- The Washington Times - Monday, January 6, 2003

During his years in Congress, Dick Armey was a firm and incisive defender of conservative values. Individual constitutional liberties against the government were very much among them. In his December 6 farewell address at the National Press Club, the retiring Republican Majority Leader warned of the "awful, dangerous seduction" of sacrificing our freedoms for safety in our war to defeat "this insidious threat that comes right into our neighborhood."
Armey emphasized that "we the people, had better keep an eye on … our government. Not out of contempt or lack of appreciation or disrespect, but out of a sense of guardianship.
"How do you use these tools we have given you to make us safe in such a manner that'll preserve our freedom? … Freedom is no policy for the timid. And my plaintive plea to all my colleagues that remain in this government as I leave it is, for your sake, for my sake, for heaven's sake, don't give up on freedom!"
Hearing Armey's speech, I was reminded of one of the last conversations I had with the late Supreme Court Justice William Brennan. He and Armey greatly disagreed on some issues, but not on certain essential sections of the Bill of Rights.
"Look, pal," Justice Brennan told me, "we've always known the Framers knew that liberty is a fragile thing."
The deepening concern about the unpredictable dangers, internal and external, of terrorism also extends to the creation by our government of what Charles Lane of the Washington Post accurately calls "a parallel legal system." That system has enlisted many conservatives to guard the Bill of Rights. I've been on some of these conservatives' radio programs to discuss the issue.
Former Republican Congressman Bob Barr of Georgia speaking on CNN about the massive data-collecting Total Information Awareness (TIA) system being developed in Donald Rumsfeld's Pentagon said that "millions of Americans will have their privacy invaded in ways they will never know."
An attempt by the Electronic Privacy Information Center (EPIC) to convince the Senate to stop the TIA dragnet failed. However, not only did the American Civil Liberties Union support EPIC's endeavor, but also Phyllis Schafly's Eagle Forum, the Free Congress Foundation and the American Library Association.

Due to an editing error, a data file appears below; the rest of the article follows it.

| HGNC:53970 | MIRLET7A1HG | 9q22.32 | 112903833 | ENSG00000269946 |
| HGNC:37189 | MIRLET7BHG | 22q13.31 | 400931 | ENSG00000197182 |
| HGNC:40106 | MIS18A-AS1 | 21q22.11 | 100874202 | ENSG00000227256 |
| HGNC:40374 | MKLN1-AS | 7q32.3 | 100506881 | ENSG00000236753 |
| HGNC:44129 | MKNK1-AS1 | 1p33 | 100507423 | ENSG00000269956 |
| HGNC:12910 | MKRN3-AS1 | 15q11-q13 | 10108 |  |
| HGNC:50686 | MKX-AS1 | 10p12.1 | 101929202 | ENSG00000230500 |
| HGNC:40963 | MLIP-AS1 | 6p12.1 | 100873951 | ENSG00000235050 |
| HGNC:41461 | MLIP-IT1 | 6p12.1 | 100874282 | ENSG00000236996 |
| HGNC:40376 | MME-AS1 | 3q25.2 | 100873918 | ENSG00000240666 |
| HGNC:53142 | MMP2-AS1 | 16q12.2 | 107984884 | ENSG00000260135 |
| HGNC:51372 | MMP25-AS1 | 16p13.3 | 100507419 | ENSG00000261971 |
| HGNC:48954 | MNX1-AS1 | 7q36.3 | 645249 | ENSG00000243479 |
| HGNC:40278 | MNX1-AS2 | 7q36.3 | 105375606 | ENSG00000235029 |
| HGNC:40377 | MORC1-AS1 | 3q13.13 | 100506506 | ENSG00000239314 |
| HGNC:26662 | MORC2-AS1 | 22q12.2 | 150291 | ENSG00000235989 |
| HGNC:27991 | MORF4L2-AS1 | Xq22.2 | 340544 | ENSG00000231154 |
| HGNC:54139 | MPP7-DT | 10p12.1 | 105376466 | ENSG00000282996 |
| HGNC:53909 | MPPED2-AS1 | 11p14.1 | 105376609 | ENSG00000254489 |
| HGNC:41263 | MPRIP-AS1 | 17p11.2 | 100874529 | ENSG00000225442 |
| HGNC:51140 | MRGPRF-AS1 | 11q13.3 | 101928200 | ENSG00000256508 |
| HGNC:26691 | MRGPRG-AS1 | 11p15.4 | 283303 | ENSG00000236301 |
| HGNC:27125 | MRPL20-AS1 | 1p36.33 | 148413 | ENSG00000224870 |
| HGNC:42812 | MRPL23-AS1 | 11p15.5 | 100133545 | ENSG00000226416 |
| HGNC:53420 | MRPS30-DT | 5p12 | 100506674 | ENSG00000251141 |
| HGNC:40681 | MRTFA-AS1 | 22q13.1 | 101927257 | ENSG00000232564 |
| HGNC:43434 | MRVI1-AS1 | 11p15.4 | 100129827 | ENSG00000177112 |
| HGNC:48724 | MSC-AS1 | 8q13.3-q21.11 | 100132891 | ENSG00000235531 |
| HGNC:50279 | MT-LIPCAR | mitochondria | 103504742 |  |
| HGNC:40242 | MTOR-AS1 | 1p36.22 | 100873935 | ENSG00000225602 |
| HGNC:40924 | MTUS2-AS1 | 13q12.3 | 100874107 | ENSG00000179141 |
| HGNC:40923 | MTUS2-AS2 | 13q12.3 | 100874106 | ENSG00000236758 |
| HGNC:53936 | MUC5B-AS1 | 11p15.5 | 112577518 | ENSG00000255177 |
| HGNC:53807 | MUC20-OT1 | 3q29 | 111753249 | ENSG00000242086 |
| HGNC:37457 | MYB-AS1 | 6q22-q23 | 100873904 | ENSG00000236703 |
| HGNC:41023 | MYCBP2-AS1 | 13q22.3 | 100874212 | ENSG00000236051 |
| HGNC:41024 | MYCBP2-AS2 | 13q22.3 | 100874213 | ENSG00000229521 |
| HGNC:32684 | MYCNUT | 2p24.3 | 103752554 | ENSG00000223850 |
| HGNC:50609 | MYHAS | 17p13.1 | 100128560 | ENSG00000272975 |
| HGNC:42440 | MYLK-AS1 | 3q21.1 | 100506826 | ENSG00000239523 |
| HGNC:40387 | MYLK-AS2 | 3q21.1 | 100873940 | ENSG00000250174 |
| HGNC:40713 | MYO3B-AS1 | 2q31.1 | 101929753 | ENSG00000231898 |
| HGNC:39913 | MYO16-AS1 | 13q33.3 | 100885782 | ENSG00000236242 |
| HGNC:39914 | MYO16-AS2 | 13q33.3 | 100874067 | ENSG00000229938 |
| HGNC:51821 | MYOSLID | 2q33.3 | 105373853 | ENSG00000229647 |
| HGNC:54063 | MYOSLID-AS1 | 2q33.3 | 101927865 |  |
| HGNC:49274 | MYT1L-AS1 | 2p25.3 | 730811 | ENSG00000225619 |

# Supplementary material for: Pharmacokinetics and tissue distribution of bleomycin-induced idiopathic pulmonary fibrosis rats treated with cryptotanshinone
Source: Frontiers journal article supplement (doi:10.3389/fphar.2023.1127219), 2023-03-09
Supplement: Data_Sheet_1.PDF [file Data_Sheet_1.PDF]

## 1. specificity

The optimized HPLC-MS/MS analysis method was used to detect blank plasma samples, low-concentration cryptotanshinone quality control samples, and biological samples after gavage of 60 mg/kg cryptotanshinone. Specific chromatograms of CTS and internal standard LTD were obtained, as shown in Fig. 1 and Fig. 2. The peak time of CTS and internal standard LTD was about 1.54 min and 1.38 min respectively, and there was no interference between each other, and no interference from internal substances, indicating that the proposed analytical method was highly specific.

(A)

Armey and Barr are working with the ACLU on privacy and other civil liberties issues. Not surprisingly, some politically correct members of the ACLU are disturbed.
In a letter to the membership, Executive Director Anthony Romero reminded them that "throughout our 82-year-old history, we have aligned ourselves with people who can help us protect civil liberties regardless of their political party. … The Civil Rights Act of 1991, signed into law by President George H.W. Bush, was the result of … unlikely allies across the Democratic and Republican parties."
Romero adds that the ACLU "has no permanent friends and no permanent enemies, just permanent values." Illustrating that point is Illinois Republican Congressman Henry Hyde, who has often clashed with the ACLU. But he has worked with it to protect free speech on college campuses and to limit the right of government to seek defendants' assets in certain cases. "They are," he says of the ACLU, "a very useful and productive force in jurisprudence."
As a pro-lifer, I have had profound disagreements with the ACLU, including its failure to support the free-speech rights of the pro-lifers in the current Supreme Court case Scheidler v. the National Organization for Women. This involves the ominous use of the harsh Racketeer Influence and Corrupt Organizations Act (RICO) penalties, normally used to battle corruption, to quell political or social protests. If upheld, this will affect diverse demonstrators both left and right.
But as Armey and Barr have warned the continuing invasions of basic liberties in the USA Patriot Act and the subsequent insistence by the administration to set up an additional parallel legal system, affects all of our freedoms. And the ACLU has proved essential in that battle.
Since Sept. 11, 2001, ACLU membership has swelled by 50,000 people, and the total number of dues payers is 350,000. For more and more Americans, it is no longer an epithet to refer to "card-carrying members of the ACLU." And more than 50,000 Americans are joining the rapidly growing number of the Bill of Rights Defense Committees in towns and cities across the country.
As Dick Armey says: "Don't give up on freedom!"

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